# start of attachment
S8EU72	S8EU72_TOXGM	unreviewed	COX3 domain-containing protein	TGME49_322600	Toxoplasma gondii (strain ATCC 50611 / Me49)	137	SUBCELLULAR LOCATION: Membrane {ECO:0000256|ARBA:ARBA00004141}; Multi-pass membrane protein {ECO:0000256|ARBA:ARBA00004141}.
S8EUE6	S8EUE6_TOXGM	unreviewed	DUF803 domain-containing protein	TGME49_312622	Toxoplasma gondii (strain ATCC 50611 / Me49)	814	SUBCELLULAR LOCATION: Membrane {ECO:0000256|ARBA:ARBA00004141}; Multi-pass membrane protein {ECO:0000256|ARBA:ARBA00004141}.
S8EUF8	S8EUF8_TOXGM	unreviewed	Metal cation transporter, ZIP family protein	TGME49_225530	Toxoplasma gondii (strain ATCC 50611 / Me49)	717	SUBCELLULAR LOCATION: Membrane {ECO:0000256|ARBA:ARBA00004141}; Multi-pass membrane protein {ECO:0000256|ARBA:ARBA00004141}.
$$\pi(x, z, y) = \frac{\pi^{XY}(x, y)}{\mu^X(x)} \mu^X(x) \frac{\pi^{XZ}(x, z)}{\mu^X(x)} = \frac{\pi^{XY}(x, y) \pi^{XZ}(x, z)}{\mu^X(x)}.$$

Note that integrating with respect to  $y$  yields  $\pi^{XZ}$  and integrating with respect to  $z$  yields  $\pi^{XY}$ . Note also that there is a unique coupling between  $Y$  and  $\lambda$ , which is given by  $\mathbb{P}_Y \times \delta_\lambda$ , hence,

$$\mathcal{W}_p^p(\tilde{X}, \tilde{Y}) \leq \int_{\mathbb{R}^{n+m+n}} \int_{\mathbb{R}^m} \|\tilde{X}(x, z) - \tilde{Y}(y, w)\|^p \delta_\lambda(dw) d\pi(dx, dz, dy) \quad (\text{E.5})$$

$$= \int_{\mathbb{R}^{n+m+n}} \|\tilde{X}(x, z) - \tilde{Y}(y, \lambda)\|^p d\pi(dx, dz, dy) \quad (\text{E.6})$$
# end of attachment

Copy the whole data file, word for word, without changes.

S8EU72	S8EU72_TOXGM	unreviewed	COX3 domain-containing protein	TGME49_322600	Toxoplasma gondii (strain ATCC 50611 / Me49)	137	SUBCELLULAR LOCATION: Membrane {ECO:0000256|ARBA:ARBA00004141}; Multi-pass membrane protein {ECO:0000256|ARBA:ARBA00004141}.
S8EUE6	S8EUE6_TOXGM	unreviewed	DUF803 domain-containing protein	TGME49_312622	Toxoplasma gondii (strain ATCC 50611 / Me49)	814	SUBCELLULAR LOCATION: Membrane {ECO:0000256|ARBA:ARBA00004141}; Multi-pass membrane protein {ECO:0000256|ARBA:ARBA00004141}.
S8EUF8	S8EUF8_TOXGM	unreviewed	Metal cation transporter, ZIP family protein	TGME49_225530	Toxoplasma gondii (strain ATCC 50611 / Me49)	717	SUBCELLULAR LOCATION: Membrane {ECO:0000256|ARBA:ARBA00004141}; Multi-pass membrane protein {ECO:0000256|ARBA:ARBA00004141}.
$$\pi(x, z, y) = \frac{\pi^{XY}(x, y)}{\mu^X(x)} \mu^X(x) \frac{\pi^{XZ}(x, z)}{\mu^X(x)} = \frac{\pi^{XY}(x, y) \pi^{XZ}(x, z)}{\mu^X(x)}.$$

Note that integrating with respect to  $y$  yields  $\pi^{XZ}$  and integrating with respect to  $z$  yields  $\pi^{XY}$ . Note also that there is a unique coupling between  $Y$  and  $\lambda$ , which is given by  $\mathbb{P}_Y \times \delta_\lambda$ , hence,

$$\mathcal{W}_p^p(\tilde{X}, \tilde{Y}) \leq \int_{\mathbb{R}^{n+m+n}} \int_{\mathbb{R}^m} \|\tilde{X}(x, z) - \tilde{Y}(y, w)\|^p \delta_\lambda(dw) d\pi(dx, dz, dy) \quad (\text{E.5})$$

$$= \int_{\mathbb{R}^{n+m+n}} \|\tilde{X}(x, z) - \tilde{Y}(y, \lambda)\|^p d\pi(dx, dz, dy) \quad (\text{E.6})$$